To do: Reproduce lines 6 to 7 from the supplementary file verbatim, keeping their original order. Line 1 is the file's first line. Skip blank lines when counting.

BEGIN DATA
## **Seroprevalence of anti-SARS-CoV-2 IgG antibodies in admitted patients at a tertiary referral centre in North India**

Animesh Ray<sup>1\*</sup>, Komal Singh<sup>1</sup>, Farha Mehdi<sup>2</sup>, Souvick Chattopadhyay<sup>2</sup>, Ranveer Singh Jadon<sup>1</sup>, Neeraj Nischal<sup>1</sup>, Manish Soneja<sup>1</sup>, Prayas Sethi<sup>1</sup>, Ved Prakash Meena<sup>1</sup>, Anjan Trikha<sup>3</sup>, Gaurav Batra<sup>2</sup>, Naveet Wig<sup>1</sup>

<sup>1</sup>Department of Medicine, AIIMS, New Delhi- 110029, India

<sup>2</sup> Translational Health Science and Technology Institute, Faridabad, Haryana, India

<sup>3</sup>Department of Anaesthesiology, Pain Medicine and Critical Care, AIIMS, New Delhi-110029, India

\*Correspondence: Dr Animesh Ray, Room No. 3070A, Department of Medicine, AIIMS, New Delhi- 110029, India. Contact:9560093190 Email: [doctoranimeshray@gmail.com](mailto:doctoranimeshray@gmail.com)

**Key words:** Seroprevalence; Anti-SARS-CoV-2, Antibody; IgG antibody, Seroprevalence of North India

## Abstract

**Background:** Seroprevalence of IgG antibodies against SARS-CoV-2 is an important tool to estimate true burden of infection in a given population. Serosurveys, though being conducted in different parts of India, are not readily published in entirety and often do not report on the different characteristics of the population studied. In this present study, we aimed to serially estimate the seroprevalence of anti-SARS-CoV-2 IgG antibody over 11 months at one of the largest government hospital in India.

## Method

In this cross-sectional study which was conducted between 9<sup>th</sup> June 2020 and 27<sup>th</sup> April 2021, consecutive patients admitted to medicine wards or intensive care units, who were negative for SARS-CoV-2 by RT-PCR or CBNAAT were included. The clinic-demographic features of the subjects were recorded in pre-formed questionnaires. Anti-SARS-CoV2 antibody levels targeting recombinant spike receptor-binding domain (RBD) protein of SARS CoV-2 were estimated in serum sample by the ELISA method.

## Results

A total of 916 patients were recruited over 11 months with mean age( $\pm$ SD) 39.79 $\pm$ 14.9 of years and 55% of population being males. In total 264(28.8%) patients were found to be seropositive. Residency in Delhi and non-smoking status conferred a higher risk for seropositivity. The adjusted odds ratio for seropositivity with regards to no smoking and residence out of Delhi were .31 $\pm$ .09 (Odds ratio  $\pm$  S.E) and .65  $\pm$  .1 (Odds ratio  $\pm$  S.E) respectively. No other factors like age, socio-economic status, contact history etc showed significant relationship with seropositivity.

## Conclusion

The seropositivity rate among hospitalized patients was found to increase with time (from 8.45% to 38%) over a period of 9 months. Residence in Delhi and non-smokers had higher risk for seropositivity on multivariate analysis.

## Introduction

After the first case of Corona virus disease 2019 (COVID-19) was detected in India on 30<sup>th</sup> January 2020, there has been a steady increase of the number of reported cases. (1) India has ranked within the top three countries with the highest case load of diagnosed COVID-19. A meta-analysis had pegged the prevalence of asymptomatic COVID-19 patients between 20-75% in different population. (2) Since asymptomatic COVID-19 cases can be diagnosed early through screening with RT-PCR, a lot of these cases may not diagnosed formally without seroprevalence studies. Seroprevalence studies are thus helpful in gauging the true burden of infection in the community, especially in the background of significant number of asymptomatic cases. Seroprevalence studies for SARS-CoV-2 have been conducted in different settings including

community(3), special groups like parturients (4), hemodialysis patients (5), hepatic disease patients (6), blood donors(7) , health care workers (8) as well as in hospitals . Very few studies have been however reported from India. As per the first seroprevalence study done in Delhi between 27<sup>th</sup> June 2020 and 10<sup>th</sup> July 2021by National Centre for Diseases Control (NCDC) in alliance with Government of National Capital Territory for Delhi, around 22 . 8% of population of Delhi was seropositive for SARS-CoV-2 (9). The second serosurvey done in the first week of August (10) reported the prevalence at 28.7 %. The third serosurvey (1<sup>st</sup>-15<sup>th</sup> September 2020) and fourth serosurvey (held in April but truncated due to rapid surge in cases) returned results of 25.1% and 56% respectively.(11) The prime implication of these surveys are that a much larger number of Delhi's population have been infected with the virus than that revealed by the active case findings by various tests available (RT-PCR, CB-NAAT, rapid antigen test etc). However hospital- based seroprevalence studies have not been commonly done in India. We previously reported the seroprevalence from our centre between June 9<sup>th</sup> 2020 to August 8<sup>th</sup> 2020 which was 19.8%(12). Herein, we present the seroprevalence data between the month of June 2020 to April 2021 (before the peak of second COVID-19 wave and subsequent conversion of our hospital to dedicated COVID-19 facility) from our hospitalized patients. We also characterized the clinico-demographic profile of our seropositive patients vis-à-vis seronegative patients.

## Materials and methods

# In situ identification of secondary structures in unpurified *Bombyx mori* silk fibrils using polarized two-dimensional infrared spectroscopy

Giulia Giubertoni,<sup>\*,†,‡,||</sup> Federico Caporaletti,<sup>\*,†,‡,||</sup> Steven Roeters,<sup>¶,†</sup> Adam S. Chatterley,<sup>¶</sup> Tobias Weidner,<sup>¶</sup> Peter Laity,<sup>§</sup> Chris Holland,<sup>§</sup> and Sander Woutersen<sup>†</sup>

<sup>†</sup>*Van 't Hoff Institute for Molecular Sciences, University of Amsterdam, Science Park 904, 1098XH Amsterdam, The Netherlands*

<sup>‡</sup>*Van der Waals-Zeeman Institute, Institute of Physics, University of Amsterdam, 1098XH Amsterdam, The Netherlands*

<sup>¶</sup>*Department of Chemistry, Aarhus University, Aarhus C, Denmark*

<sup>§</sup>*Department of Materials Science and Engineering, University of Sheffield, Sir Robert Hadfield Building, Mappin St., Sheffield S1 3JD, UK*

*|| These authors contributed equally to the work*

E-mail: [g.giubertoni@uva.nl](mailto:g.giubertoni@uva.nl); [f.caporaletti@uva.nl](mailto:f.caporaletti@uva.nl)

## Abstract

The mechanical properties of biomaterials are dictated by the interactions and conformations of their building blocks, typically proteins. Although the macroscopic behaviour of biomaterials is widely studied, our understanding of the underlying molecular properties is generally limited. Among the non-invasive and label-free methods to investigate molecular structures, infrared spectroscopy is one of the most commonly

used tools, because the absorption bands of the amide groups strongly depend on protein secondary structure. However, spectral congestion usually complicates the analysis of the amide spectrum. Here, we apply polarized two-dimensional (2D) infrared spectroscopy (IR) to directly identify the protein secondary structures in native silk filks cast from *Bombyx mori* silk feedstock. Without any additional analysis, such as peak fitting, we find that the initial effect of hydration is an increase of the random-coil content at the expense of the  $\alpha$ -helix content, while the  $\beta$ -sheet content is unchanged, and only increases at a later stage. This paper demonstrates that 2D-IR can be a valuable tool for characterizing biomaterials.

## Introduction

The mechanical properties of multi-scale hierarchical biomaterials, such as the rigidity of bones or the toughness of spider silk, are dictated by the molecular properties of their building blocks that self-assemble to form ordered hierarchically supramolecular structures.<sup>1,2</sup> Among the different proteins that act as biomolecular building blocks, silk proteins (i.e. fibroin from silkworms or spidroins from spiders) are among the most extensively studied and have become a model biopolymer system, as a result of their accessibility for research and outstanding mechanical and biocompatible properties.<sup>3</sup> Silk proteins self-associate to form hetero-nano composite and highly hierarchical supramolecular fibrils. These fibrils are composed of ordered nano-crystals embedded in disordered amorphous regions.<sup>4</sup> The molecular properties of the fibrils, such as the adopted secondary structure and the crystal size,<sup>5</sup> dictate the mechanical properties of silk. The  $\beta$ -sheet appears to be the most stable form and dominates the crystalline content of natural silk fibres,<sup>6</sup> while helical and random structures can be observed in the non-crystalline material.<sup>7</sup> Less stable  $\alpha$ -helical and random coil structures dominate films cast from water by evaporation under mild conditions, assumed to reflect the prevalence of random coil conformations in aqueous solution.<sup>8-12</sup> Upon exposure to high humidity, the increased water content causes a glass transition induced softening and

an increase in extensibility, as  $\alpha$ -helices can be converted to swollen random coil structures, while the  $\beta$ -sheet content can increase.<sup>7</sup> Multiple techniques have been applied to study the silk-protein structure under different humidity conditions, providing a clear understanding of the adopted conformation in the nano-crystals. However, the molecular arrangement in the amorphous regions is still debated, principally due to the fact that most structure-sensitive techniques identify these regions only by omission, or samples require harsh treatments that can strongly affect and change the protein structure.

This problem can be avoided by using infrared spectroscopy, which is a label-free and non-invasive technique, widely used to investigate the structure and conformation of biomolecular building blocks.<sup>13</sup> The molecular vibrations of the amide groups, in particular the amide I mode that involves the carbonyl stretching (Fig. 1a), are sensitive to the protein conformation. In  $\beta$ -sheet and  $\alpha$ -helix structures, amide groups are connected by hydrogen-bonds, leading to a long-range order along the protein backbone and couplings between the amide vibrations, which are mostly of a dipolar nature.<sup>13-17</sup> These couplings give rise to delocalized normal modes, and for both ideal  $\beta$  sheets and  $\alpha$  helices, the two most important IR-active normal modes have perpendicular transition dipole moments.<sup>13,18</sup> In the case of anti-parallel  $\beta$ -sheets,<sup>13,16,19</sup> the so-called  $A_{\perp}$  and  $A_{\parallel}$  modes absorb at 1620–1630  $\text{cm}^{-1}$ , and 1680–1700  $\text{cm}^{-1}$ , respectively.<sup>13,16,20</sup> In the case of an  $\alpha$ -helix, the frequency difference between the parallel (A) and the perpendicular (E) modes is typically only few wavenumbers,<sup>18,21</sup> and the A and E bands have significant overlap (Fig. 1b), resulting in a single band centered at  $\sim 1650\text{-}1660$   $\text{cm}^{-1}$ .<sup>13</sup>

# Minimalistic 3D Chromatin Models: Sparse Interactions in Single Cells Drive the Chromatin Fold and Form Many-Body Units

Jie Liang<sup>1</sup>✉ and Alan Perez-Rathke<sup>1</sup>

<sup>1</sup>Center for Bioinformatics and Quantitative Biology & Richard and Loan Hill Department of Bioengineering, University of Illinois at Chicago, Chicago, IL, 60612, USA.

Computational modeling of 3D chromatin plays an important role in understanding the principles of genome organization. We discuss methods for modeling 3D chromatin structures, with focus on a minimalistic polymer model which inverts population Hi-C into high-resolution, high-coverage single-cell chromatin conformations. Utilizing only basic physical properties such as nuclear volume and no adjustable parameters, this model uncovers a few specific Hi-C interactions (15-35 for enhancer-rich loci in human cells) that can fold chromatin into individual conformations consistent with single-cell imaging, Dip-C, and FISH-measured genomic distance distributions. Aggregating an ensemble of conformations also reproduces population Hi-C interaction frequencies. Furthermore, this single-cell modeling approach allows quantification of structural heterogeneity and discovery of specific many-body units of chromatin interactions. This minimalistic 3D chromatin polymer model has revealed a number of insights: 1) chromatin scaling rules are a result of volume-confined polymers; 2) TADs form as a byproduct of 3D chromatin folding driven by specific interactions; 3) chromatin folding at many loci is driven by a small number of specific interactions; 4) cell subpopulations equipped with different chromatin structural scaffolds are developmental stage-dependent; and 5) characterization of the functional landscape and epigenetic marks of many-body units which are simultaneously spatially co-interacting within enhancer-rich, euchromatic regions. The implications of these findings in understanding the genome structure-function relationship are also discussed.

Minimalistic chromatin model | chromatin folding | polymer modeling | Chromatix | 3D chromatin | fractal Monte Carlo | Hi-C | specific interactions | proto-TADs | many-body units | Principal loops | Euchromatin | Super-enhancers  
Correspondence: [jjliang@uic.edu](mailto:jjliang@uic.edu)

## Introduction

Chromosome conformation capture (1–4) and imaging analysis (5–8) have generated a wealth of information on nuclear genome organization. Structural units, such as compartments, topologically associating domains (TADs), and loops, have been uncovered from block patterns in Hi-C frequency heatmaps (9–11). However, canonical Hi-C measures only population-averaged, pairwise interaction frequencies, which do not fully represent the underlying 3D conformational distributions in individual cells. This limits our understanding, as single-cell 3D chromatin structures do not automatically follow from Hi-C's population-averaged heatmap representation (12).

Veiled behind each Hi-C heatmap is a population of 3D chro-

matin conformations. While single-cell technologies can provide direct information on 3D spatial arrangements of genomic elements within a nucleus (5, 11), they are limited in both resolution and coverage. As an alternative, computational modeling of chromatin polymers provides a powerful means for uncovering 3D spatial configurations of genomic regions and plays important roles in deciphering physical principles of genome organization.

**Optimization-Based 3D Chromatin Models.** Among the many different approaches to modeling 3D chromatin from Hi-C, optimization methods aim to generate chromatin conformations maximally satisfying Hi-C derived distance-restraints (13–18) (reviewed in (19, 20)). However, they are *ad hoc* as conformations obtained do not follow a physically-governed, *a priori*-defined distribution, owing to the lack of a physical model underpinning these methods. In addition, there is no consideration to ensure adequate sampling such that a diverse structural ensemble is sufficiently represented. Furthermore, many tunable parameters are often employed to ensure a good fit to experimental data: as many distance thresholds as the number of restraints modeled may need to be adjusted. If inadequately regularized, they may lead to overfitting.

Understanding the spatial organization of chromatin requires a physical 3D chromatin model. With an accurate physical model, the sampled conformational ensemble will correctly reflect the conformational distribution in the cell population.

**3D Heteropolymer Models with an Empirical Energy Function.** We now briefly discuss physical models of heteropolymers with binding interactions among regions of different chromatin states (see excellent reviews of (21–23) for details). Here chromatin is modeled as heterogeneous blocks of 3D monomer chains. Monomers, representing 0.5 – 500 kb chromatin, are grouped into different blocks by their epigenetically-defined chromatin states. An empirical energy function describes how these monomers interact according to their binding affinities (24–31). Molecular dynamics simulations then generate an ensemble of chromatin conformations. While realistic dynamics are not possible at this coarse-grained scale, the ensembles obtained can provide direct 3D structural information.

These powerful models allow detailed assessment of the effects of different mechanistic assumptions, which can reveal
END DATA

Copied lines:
\*Correspondence: Dr Animesh Ray, Room No. 3070A, Department of Medicine, AIIMS, New Delhi- 110029, India. Contact:9560093190 Email: [doctoranimeshray@gmail.com](mailto:doctoranimeshray@gmail.com)

**Key words:** Seroprevalence; Anti-SARS-CoV-2, Antibody; IgG antibody, Seroprevalence of North India